The process embodiment involving continuous regeneration of the bed is illustrated with reference to FIG. 2 of the drawings. In FIG. 2 adsorption bed 60 is packed with silica-bonded 1/16 inch diameter extruded silicate particles. Contaminated feedstock water containing 175 ppm (v.) organic impurities and 10 ppm (wt.) metal values comprising calcium, iron and manganese is passed into the system through line 62 into air stripping unit 64. Air is injected into the feedstock water in unit 64 through line 66 in the conventional manner so that thorough contact between the air bubbles and the water is achieved. Stripping air in admixture with water vapor and volatile organic molecular species volatilized from the water feedstock is continuously removed from the stripper through line 68 and passed at ambient temperature into bed 60 through valve 70 and line 72. Decontaminated water still containing the metal values is removed from the system through line 74. In ozone generator 76 oxygen of an air stream is converted partially into ozone and the resulting mixture of oxygen, nitrogen and ozone is fed through line 78 and valve 70 into line 72 wherein it mixes with the vapor phase effluent from air stripper 64. The mixture in line 72 is further passed into bed 60 wherein adsorption of the organics and reaction of the adsorbed organics with ozone occurs. The effluent from bed 60 through line 80 contains unreacted ozone, oxygen, nitrogen and the by-products of the reactions between ozone and the organics. If the oxidation in a single pass through bed 60 is adequate to accomplish the desired purpose of destroying noxious and/or toxic organic species, the entire effluent is passed through valve 82 and removed from the system through line 84 and bed 88 containing activated sodium zeolite X which thoroughly decomposes any ozone in the vent stream. If further oxidation is desired, some or all of the effluent can be recycled through line 86 to line 72 where additional ozone is introduced prior to again being passed through bed 60.
The following experimental procedures were carried out to further illustrate specific aspects of the present invention. In carrying out the experiments, two basic procedures were utilized, namely an adsorption/regeneration cyclic procedure and a co-feed or continuous regeneration procedure. These procedures are described below:
Twenty grams of adsorbent (14×30 mesh) were charged to a 5/8" ID×18" stainless steel column. Adsorption flow was established by bubbling air at the rate of 15 scfh through a stainless steel Pope vessel containing water to produce a water-saturated air stream. Another stainless steel Pope vessel was charged with 100 grams of the volatile organic contaminant to be adsorbed and oxidized, and a metered amount of the organic in the vapor phase, depending upon the desired concentration of organic, was blended with the water-saturated air stream. The flow containing the desired concentration of organic was run for about two hours bypassing the column until a steady concentration was reached. The adsorption flow was then directed through the column, downflow, at 14-20 scfh and run until breakthrough was established (10% of feed). The bed was then regenerated using 0.3-1.0 vol % ozone at 4 scfh. During regeneration, bed temperatures, ozone concentration and CO2 make were monitored. Concentration of organic in the effluent stream was also measured until CO2 leveled out. Following regeneration, another adsorption was run at similar conditions to the previous adsorption and differences in breakthrough loadings were measured. Depending upon the results of these differences, if any, the bed was subjected to further ads/regen cycles.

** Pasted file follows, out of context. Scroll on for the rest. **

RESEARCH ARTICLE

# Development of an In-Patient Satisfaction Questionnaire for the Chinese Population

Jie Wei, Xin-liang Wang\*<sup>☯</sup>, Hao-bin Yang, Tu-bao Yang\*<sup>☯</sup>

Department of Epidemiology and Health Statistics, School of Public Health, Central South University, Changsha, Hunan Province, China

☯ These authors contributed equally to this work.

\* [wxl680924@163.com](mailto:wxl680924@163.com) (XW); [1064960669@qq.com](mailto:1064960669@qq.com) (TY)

Twenty grams of adsorbent (14×30 mesh) were charged to a 5/8" ID×18" stainless steel column. Adsorption flow was established by bubbling air at the rate of 15 scfh through a stainless steel Pope vessel containing water to produce a water-saturated air stream. Another stainless steel Pope vessel was charged with 100 grams of the volatile organic contaminant to be adsorbed and oxidized, and a metered amount of the organic in the vapor phase, depending upon the desired concentration of organic, was blended with the water-saturated air stream. The flow containing the desired concentration of organic was run for about two hours bypassing the column until a steady concentration was reached. While the adsorption stream equilibrated, the regeneration gas flow was started by passing air through the ozone generator at 20 scfh. Feed rate to the co-feed stream was 1-1.5 scfh. The balance was sent through a column of sodium zeolite X which destroyed the remaining ozone. When all flows were at equilibrium, these streams were blended and passed through the column, downflow, until a steady state was obtained. Steady state is defined as that time when the concentration of organic, as measured in the column effluent, remained unchanged following 4-12 hours of operation.